Second Vatican Council – Man and His Activity

From the pastoral constitution on the Church in the modern world of the Second Vatican Council

Man and his activity

Second Vatican Council Man and his activityThe activity of man, as it has its origin in man, has man also as its end. Man through his work not only introduces change into things and into society; he also perfects himself. He learns a great deal; he develops his powers; he advances above and beyond himself. This kind of gain, properly understood, is more valuable than any external possessions. Man’s worth is greater because of what he is than because of what he has.

In the same way, all that men do to secure greater justice, more widespread brotherhood and a more humane structure of social relationships has more value than advance in technology. Technological development may provide the raw material for human progress, but of itself it is totally unable to bring it into being.

The criterion, therefore, for assessing man’s activity is this: does it, in accordance with God’s plan, fit in with the true good of the human race and allow man, individually and corporately, to develop and fulfill his vocation in its entirety?

Many of our contemporaries, however, seem to be afraid that a closer relationship between religion and man’s activity will injure the autonomy of men or societies or the different sciences. If by the autonomy of earthly realities we mean that created beings and even societies have their own distinctive laws and values, which must be gradually identified, used and regulated by men, this kind of autonomy is rightly demanded. Not only is it insisted on by modern man, it is also in harmony with the design of the Creator. By the very fact of creation everything is provided with its own stability, its own truth and goodness, its own laws and orderly functioning. Man must respect these, acknowledging the methods proper to each science or art.

One should therefore deplore certain attitudes of mind which are sometimes found even among Christians because of a failure to recognize the legitimate autonomy of science. These mental attitudes have given rise to conflict and controversy and led many to assume that faith and science are mutually opposed.

If, on the other hand, the autonomy of the temporal order is understood to mean that created things do no depend on God, and that man may use them without reference to the Creator, all who believe in God will realize how false is this teaching. For creation without the Creator fades into nothingness.

Complete Fullness of Christ

From a homily by a spiritual writer of the fourth century
May you be filled to the complete fullness of Christ

Those who have been considered worthy to go forth as the sons of God and to be born again of the Holy Spirit from on high, and who hold within them the Christ who renews them and fills them with light, are directed by the Spirit in varied and different ways and in their spiritual repose they are led invisibly in their hearts by grace.

At times, they are like men who mourn and lament over their fellow men, and pouring forth prayers for the whole human race, they plunge into tears and lamentation, on fire with spiritual love for mankind.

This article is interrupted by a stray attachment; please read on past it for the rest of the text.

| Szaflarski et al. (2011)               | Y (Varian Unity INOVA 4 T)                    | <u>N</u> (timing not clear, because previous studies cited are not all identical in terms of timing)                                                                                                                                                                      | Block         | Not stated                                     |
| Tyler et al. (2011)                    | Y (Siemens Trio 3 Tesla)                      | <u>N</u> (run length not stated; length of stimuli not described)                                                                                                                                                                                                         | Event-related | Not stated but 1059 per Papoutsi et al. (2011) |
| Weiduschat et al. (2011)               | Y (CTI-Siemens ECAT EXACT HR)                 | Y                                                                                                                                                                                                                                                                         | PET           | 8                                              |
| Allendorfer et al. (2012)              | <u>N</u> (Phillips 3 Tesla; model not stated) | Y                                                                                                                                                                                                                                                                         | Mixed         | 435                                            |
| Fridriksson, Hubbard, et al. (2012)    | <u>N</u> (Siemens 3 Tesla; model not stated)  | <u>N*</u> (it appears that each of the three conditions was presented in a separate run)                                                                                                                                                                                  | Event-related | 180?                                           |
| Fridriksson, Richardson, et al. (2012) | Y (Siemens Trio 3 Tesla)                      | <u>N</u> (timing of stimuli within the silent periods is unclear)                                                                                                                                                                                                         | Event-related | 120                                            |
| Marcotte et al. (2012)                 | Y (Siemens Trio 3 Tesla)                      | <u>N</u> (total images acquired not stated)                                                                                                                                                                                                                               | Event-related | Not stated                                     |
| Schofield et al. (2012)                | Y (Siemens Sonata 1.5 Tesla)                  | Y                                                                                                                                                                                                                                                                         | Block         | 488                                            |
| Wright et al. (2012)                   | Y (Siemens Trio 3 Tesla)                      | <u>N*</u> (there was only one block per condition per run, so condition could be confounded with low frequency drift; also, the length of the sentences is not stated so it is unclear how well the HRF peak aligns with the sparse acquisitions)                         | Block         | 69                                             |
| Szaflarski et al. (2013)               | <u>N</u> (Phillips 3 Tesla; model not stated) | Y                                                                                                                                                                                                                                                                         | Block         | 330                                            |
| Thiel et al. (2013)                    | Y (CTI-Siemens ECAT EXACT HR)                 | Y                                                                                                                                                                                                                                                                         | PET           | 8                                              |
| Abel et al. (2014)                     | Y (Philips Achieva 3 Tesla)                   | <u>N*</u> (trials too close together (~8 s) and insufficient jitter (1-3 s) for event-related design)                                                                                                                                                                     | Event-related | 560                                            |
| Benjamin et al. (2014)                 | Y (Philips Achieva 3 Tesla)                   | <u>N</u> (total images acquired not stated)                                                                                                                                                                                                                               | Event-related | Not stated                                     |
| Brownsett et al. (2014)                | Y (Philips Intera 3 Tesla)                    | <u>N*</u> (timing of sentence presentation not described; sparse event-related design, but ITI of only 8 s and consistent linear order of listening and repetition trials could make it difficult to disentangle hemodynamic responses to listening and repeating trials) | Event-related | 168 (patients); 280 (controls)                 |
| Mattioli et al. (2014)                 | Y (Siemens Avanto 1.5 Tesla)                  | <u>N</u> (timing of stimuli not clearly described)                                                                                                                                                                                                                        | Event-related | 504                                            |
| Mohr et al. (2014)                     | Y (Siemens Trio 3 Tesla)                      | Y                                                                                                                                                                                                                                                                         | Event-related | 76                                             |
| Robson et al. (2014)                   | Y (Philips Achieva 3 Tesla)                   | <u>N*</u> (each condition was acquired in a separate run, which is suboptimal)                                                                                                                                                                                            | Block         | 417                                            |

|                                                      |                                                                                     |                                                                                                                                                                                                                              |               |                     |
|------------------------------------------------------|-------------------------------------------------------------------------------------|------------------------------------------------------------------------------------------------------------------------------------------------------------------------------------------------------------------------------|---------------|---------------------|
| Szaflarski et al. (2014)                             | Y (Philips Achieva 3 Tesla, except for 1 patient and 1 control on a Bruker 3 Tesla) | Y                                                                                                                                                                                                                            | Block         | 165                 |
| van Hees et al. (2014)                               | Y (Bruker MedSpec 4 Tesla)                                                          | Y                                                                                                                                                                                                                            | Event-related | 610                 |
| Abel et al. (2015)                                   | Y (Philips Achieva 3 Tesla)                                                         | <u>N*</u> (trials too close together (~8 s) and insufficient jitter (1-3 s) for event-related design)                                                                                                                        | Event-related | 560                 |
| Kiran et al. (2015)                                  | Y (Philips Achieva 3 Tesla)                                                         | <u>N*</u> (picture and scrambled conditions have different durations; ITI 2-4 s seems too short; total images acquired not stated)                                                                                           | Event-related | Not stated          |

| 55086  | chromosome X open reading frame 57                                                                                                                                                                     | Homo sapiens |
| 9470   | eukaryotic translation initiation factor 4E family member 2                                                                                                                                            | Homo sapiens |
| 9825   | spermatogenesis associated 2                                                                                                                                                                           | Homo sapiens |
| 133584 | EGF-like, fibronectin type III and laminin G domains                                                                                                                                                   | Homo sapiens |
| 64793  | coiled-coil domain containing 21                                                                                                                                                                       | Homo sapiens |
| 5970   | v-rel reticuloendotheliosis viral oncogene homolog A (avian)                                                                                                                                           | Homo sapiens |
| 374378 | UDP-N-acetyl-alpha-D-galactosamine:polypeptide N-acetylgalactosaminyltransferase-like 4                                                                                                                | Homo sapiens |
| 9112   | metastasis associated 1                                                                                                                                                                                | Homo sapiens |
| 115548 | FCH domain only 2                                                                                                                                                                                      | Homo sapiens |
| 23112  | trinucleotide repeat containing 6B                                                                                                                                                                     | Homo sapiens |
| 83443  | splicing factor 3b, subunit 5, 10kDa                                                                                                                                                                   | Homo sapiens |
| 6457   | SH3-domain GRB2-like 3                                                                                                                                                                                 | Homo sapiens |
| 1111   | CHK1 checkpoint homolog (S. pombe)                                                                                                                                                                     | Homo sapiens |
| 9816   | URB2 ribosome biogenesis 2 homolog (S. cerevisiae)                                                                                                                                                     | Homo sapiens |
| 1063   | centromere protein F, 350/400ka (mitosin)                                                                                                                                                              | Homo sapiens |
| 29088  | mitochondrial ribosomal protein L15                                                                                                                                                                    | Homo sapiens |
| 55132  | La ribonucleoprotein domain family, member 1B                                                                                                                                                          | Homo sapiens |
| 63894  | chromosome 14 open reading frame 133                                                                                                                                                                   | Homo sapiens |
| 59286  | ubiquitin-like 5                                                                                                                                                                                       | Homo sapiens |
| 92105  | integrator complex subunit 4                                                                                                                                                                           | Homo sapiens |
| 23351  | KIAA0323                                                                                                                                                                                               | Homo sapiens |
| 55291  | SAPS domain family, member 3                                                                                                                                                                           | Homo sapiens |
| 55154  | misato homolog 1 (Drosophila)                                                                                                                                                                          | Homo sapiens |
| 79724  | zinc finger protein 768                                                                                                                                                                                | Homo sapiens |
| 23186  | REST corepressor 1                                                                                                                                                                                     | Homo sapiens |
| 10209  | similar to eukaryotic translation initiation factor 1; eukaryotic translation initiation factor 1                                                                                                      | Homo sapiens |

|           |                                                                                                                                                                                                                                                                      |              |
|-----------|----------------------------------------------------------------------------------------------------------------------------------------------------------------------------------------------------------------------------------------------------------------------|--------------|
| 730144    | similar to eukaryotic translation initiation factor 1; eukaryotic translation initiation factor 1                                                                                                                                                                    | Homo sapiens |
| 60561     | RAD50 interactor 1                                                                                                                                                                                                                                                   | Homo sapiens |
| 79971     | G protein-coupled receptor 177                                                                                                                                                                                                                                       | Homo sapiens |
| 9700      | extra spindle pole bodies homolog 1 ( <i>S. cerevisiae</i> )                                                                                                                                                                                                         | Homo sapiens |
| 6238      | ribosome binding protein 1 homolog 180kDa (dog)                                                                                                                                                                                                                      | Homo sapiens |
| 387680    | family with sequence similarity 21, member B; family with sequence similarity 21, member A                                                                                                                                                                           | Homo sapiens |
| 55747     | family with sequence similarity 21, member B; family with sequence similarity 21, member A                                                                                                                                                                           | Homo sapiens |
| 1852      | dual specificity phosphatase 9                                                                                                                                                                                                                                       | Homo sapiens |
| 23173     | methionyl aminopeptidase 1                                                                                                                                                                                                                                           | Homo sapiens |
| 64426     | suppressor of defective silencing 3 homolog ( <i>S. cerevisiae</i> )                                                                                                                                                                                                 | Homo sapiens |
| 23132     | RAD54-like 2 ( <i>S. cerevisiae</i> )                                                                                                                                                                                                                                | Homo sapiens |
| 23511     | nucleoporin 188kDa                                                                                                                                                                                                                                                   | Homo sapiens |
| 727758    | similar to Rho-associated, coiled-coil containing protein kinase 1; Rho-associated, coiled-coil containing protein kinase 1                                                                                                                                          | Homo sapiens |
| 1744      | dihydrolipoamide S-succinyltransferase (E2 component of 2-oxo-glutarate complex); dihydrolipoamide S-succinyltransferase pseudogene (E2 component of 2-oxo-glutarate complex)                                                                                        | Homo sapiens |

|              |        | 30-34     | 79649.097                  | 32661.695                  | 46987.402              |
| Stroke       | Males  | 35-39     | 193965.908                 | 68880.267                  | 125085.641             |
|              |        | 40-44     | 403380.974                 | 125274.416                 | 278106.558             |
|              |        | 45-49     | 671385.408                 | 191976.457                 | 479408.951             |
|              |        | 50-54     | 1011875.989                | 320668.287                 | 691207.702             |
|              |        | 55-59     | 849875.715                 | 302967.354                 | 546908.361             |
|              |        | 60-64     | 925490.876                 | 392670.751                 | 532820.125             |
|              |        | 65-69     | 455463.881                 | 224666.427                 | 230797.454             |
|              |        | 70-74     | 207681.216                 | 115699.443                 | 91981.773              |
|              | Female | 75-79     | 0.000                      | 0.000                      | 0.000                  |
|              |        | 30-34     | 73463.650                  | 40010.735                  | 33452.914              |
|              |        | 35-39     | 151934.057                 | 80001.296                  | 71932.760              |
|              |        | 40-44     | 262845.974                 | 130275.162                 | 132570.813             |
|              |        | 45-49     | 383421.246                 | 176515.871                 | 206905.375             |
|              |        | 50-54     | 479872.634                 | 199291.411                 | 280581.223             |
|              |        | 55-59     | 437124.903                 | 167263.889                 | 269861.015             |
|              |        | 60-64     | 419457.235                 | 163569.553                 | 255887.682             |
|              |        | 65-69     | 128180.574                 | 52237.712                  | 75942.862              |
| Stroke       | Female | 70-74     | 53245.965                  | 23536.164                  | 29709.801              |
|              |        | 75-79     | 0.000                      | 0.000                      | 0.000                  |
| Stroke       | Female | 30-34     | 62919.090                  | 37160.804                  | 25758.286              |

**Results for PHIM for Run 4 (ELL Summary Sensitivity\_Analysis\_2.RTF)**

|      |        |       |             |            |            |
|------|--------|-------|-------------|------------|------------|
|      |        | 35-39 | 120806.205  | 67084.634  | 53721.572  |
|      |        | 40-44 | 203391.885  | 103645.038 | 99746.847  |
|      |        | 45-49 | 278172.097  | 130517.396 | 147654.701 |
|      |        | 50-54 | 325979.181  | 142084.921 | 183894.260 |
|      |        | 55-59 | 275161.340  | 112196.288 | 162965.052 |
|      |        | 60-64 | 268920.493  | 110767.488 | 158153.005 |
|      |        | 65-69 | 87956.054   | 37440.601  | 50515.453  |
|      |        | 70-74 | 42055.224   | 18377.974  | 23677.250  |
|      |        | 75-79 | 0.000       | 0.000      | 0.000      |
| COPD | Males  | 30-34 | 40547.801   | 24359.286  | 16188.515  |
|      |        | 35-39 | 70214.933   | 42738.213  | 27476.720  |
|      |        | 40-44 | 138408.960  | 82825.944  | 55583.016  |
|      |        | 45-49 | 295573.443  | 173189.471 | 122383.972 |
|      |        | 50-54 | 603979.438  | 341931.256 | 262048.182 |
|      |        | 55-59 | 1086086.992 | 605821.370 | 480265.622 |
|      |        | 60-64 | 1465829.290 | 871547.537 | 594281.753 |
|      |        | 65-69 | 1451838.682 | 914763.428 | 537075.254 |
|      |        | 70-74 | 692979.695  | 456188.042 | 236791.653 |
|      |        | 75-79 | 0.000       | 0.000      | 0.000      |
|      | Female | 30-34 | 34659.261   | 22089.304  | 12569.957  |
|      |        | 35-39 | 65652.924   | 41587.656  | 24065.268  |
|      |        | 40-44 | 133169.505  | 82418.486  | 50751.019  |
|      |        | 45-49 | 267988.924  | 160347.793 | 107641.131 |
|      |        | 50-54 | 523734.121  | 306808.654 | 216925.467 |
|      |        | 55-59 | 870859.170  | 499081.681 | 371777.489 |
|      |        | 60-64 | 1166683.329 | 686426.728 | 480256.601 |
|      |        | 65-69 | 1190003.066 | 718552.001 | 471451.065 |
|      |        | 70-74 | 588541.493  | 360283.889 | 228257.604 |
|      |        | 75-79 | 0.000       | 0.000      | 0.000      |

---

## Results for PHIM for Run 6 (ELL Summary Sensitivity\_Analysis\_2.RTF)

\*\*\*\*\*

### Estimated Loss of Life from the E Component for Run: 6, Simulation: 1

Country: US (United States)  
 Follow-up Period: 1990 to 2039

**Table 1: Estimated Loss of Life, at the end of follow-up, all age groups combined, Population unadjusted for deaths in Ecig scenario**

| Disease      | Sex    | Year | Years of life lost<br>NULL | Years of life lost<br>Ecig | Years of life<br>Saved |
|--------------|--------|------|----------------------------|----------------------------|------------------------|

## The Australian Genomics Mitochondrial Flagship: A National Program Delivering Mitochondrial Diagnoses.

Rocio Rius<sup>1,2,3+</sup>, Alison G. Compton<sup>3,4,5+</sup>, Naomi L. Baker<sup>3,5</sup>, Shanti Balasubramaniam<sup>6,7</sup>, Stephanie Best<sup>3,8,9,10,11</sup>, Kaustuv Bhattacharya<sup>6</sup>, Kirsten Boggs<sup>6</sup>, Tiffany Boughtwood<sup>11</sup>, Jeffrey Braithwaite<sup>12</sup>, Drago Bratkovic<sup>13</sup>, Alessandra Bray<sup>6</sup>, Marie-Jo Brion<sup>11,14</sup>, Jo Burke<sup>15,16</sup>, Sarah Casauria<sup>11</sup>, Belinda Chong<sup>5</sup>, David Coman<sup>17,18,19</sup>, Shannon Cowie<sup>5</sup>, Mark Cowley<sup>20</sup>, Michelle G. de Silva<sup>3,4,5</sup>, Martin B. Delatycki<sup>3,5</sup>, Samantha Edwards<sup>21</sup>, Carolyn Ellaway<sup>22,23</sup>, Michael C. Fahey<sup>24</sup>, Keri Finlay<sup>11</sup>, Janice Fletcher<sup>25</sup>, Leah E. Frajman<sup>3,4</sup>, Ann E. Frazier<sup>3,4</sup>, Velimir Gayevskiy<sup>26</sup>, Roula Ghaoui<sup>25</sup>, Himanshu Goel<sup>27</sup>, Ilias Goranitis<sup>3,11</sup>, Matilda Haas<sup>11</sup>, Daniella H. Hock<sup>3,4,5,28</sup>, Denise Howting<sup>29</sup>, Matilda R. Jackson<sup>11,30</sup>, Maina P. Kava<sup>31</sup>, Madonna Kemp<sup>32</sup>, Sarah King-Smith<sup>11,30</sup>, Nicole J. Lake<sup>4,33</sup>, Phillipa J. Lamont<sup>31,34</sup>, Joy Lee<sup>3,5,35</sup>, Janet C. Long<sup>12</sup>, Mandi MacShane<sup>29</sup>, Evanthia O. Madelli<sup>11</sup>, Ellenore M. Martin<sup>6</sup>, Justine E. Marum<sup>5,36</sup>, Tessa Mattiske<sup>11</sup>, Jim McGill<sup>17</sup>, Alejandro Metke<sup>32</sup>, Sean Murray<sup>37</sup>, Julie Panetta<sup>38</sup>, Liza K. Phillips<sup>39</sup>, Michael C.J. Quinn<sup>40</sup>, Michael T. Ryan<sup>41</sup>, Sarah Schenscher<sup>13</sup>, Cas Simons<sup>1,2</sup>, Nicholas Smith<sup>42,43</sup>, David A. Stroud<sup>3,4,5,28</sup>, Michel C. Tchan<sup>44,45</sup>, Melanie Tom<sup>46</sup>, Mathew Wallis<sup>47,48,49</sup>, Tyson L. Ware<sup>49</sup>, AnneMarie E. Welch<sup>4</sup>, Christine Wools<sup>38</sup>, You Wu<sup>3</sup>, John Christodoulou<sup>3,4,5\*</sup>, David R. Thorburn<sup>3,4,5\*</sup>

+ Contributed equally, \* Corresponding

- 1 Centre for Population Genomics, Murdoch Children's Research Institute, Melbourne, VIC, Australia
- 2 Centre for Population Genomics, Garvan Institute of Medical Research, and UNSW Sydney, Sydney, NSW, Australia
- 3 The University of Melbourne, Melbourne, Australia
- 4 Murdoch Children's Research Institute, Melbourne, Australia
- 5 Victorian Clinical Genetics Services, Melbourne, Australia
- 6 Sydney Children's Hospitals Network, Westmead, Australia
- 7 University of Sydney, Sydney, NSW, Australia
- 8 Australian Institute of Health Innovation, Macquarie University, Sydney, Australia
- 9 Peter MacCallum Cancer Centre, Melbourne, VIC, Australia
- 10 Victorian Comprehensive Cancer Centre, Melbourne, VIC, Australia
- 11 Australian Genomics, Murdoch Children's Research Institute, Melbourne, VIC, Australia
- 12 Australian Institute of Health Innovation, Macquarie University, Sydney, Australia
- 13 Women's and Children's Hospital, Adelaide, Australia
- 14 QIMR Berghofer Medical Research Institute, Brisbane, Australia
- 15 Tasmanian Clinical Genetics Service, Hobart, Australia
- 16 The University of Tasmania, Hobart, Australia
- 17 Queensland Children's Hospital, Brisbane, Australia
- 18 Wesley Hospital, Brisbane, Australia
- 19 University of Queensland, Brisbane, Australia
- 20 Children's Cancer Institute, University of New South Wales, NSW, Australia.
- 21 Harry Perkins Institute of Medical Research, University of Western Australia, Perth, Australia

At other times they are enkindled by the Spirit with love and exultation that, were it possible, they would clasp in their embrace all mankind, without discrimination, good and bad alike.

Sometimes they are cast down below all mankind in lowliness of spirit, so that they reckon theirs to be the lowest and most abject of conditions.

And sometimes they are held by the Spirit in ineffable joy.

At one time they are like a brave man who puts on the king’s full armor and goes down into battle; he fights bravely against the enemy and defeats them. In like manner, the spiritual man takes up the heavenly arms of the Spirit and marches against the enemy and engaging in battle tramples the foe beneath his feet.

At another time the soul is at rest in deepest silence, tranquility and peace, existing in sheer spiritual pleasure and in ineffable repose and a perfect state.

Again, the soul is instructed by grace in a certain understanding in the ineffable wisdom and the inscrutable knowledge of the Spirit on matters which neither tongue nor lips can utter.

Then again, the soul becomes like any ordinary man.

In such varied ways does grace work within them and many are the means by which it leads the soul, renewing it according to God’s will and training it in different ways so that it may be set before the heavenly Father pure and whole and blameless.

We, too, therefore must make our prayer to God and entreat in love and in great hope that he may bestow upon us the heavenly grace of the gift of the Spirit. We pray that we, too, may be guided by that Spirit and that he may lead us into the fullness of divine will and refresh us with the varied kinds of his repose, that by the help of this guidance, exercise of grace and spiritual advancement, we may be considered worthy to attain to the perfection of the fullness of Christ, as the Apostle says: that you may be filled to the complete fullness of Christ.